Things can go wrong in the kitchen—they inevitably do, no matter how prepared you are. I was once preparing a meal on a charter yacht in New York City and my key lime pies simply would not set up. I couldn’t get beyond the looming sense of failure and dismay. And then, one of the waitstaff came up with a brilliant idea: key lime mousse with graham cracker morsels! We put away the pie plates and started scooping that runny pie and whipped cream into dessert bowls! It was a huge hit. And I learned a great lesson about trusting and being resourceful, even in the face of what looks like a disaster.
2. You are what you think…
The most powerful thing you can do is to keep your thoughts and intentions positive, especially when you are cooking. If listening to some good music helps lift your mood, turn it on, sister! My favorite cooking music ranges from my favorite James Taylor and the Allman Brothers—the music of my youth—to Frank Sinatra, Sara Bareilles, and Beyoncé. And to tackle the cleanup, there’s nothing that gets it done faster than Aretha and a little R*E*S*P*E*C*T!
3. Life is; live it
Focus on what is working and what you do have in the here and now. You thought you had oregano, but when it’s time to add it, you realize you must have used it up last time. Or maybe you have all the ingredients, but you don’t have enough of one thing or another. Instead of getting tripped up by what’s not there, improvise—be open to the whatevers and move forward with what you do have. I’d bet most every chef discovered at least one of their favorite recipes simply because they were out of some ingredient and were forced to get creative. I’m convinced that the secret to being a great chef is not how well you can cook but how well you can problem-solve.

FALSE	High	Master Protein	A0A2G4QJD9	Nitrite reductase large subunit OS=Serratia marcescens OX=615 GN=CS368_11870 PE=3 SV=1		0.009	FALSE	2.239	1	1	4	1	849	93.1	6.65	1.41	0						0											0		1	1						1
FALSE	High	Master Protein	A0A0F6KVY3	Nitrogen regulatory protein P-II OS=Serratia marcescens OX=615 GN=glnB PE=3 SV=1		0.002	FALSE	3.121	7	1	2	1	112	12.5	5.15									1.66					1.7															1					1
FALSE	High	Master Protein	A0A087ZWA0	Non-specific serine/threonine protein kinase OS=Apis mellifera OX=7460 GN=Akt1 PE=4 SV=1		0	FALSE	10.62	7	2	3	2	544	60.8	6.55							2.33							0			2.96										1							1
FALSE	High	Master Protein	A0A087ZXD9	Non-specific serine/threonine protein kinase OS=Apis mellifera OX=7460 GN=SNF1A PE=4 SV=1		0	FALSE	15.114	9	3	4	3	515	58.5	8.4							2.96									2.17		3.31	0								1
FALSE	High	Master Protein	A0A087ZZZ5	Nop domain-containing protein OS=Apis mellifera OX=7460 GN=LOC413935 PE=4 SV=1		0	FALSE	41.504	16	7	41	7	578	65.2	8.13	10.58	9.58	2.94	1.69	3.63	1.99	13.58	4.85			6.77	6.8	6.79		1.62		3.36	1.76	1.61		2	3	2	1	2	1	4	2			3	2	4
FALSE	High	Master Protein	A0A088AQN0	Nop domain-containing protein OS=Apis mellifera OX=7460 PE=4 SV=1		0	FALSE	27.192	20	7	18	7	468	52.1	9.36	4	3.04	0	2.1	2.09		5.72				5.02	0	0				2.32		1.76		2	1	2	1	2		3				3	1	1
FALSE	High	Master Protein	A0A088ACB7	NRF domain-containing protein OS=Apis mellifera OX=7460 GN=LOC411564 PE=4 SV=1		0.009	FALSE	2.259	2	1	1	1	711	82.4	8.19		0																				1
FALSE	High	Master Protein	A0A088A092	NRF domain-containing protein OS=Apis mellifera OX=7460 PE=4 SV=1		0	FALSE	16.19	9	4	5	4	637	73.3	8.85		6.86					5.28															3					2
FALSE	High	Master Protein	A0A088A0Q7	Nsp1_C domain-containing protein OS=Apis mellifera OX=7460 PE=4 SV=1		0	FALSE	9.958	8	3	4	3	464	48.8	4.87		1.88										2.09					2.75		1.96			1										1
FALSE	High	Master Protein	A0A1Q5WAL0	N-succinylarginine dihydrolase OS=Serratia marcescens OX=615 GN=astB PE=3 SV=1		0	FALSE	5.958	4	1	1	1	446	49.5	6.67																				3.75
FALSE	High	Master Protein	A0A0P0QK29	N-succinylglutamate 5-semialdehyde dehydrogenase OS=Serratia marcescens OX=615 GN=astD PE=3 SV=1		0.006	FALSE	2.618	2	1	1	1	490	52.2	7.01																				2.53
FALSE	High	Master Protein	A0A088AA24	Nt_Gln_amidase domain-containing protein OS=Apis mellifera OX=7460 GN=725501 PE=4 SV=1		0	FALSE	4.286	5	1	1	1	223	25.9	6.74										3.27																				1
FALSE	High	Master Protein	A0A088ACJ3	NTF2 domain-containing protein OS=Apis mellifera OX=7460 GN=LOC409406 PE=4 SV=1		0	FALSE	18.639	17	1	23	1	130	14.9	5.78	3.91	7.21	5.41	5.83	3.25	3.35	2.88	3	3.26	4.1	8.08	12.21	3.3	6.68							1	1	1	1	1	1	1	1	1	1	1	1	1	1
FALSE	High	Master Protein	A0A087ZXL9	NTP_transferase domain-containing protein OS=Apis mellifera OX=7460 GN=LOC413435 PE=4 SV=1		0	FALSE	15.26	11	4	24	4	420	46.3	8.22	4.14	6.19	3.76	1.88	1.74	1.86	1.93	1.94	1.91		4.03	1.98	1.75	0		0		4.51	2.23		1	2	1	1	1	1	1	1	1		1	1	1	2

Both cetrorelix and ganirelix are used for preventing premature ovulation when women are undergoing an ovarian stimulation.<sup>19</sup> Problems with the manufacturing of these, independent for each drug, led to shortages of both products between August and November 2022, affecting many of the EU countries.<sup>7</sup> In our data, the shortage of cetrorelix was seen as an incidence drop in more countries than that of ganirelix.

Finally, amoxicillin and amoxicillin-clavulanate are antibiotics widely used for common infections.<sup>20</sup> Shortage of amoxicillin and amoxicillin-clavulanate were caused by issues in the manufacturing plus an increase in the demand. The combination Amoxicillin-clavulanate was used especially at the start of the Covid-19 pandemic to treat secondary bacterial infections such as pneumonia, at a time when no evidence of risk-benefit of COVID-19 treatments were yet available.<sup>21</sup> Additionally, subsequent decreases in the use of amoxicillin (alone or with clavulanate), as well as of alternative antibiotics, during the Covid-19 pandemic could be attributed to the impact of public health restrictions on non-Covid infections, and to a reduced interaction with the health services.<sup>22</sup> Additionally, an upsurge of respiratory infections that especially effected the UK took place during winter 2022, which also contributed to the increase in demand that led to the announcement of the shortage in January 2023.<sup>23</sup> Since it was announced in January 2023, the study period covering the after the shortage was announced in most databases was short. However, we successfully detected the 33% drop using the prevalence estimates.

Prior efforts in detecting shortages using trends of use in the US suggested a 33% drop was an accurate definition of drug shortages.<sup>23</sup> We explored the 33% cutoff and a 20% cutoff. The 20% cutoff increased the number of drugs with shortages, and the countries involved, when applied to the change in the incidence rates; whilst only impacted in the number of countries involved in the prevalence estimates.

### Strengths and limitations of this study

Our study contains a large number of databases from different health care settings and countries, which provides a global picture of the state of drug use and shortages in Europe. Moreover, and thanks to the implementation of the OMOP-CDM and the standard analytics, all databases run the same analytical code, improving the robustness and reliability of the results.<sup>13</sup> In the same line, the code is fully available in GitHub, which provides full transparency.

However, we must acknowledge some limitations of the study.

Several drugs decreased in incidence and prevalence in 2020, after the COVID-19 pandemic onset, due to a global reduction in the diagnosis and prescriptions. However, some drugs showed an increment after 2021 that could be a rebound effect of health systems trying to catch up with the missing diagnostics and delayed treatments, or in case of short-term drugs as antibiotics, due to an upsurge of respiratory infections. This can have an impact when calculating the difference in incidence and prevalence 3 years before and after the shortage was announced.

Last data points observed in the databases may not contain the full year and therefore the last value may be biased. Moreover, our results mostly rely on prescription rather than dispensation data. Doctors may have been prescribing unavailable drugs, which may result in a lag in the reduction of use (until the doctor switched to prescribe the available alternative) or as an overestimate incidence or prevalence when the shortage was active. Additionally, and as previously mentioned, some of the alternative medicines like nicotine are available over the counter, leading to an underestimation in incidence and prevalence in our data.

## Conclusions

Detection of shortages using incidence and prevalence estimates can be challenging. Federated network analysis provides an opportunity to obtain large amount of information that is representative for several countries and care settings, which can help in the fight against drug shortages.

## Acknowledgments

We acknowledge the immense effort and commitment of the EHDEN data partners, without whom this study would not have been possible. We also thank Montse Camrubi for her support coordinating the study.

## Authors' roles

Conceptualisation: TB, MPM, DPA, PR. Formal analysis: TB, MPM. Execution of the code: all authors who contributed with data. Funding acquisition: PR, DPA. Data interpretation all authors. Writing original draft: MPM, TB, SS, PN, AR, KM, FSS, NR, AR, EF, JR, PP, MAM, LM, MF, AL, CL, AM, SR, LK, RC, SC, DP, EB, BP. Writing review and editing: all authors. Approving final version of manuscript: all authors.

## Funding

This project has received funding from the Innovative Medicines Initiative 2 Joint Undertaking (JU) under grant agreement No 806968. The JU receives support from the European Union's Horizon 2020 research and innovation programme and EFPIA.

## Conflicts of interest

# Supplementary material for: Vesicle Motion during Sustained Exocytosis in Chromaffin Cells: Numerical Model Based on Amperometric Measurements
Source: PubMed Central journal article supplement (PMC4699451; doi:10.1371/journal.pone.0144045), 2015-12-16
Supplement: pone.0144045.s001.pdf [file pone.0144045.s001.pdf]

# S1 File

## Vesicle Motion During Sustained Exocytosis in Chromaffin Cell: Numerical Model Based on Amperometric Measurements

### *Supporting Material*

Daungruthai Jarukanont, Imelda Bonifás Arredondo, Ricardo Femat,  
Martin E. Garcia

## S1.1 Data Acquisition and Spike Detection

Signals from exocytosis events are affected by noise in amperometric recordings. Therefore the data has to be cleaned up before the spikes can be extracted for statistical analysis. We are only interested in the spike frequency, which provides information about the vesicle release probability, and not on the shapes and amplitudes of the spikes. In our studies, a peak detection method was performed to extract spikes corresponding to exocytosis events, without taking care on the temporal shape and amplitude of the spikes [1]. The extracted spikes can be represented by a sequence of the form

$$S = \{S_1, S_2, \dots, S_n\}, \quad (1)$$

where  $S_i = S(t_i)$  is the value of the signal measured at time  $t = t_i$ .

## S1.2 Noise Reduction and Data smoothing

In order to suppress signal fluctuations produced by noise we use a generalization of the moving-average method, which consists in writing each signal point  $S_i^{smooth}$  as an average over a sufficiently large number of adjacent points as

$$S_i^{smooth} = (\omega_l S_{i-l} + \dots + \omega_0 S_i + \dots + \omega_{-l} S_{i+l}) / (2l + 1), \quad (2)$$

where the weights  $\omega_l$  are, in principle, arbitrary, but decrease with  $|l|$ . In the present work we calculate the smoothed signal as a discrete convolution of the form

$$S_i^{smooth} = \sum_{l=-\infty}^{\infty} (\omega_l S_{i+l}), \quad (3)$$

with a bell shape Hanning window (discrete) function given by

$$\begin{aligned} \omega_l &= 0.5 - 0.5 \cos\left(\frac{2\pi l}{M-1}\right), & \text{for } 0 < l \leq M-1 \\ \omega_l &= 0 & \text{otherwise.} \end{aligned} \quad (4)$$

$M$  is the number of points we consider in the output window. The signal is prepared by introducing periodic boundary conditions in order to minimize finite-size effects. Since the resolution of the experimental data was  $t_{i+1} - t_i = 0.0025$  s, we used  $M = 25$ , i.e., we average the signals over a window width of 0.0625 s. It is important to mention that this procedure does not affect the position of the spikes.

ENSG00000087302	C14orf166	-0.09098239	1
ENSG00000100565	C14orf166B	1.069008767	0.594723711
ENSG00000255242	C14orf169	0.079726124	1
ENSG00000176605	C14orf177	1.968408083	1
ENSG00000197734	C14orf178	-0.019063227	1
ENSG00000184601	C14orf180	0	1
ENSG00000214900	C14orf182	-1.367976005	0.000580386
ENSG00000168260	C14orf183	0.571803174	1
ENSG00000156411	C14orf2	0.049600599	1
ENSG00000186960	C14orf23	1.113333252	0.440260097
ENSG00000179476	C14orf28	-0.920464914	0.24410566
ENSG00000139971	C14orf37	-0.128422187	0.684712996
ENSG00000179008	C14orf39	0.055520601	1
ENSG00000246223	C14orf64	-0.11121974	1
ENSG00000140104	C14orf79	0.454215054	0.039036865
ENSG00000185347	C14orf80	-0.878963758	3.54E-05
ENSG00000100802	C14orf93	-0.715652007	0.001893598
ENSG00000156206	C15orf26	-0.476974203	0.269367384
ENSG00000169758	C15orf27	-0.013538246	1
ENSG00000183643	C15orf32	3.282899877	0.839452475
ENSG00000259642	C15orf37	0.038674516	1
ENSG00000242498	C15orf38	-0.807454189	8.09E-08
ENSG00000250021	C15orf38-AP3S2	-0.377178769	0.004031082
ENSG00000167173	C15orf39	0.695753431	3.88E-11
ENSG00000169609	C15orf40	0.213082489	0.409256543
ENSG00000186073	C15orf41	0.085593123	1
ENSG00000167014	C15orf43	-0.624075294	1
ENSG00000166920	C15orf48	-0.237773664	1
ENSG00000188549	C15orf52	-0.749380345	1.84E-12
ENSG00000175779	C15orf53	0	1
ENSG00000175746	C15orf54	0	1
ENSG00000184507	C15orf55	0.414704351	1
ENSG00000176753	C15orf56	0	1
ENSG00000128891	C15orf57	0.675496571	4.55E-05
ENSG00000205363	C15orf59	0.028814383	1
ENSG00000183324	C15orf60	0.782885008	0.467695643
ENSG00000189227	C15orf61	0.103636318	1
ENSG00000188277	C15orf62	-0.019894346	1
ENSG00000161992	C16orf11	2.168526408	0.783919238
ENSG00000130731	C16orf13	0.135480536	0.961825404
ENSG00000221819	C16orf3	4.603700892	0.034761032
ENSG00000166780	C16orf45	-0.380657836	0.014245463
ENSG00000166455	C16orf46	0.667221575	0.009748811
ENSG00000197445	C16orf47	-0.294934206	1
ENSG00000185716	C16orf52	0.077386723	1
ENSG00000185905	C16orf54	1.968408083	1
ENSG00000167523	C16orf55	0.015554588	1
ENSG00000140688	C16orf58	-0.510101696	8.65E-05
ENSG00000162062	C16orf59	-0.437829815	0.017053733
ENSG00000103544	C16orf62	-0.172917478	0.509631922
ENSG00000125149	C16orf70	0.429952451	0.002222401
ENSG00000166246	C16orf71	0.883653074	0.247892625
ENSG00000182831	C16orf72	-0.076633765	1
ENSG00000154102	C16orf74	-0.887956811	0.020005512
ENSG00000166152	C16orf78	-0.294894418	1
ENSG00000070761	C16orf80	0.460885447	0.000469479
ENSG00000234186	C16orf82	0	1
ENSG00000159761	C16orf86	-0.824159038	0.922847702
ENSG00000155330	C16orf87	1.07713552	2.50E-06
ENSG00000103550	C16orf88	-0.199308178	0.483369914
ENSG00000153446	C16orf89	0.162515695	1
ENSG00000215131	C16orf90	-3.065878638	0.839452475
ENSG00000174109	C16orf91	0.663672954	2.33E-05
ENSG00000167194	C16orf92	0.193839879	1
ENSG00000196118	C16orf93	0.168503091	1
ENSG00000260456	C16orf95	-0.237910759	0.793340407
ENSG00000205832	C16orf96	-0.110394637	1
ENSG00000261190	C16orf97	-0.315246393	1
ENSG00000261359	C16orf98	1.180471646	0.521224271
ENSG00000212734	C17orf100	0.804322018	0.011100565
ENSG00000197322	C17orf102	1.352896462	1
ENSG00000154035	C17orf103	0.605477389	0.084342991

4. Trying to be perfect is a setup for failure
I am a Type A personality. After discovering I loved to cook, I went on a tear replicating complicated recipes from Gourmet magazine and any cookbooks I could get my hands on. But while I was living in California, I developed a more relaxed point of view. The amount of effort that went into mastering cooking from a purist’s standpoint simply didn’t have the payoff for me anymore when it came down to actually eating and enjoying the food. After so much work and worry as I completed each step of every complicated technique, no matter how good the final product, it simply never was good enough to feel worth all the trouble. It was an impossible proposition to create something that matched the intensity of my angst and effort. Don’t be afraid to be adventurous in the kitchen. But don’t hold yourself to outrageous standards.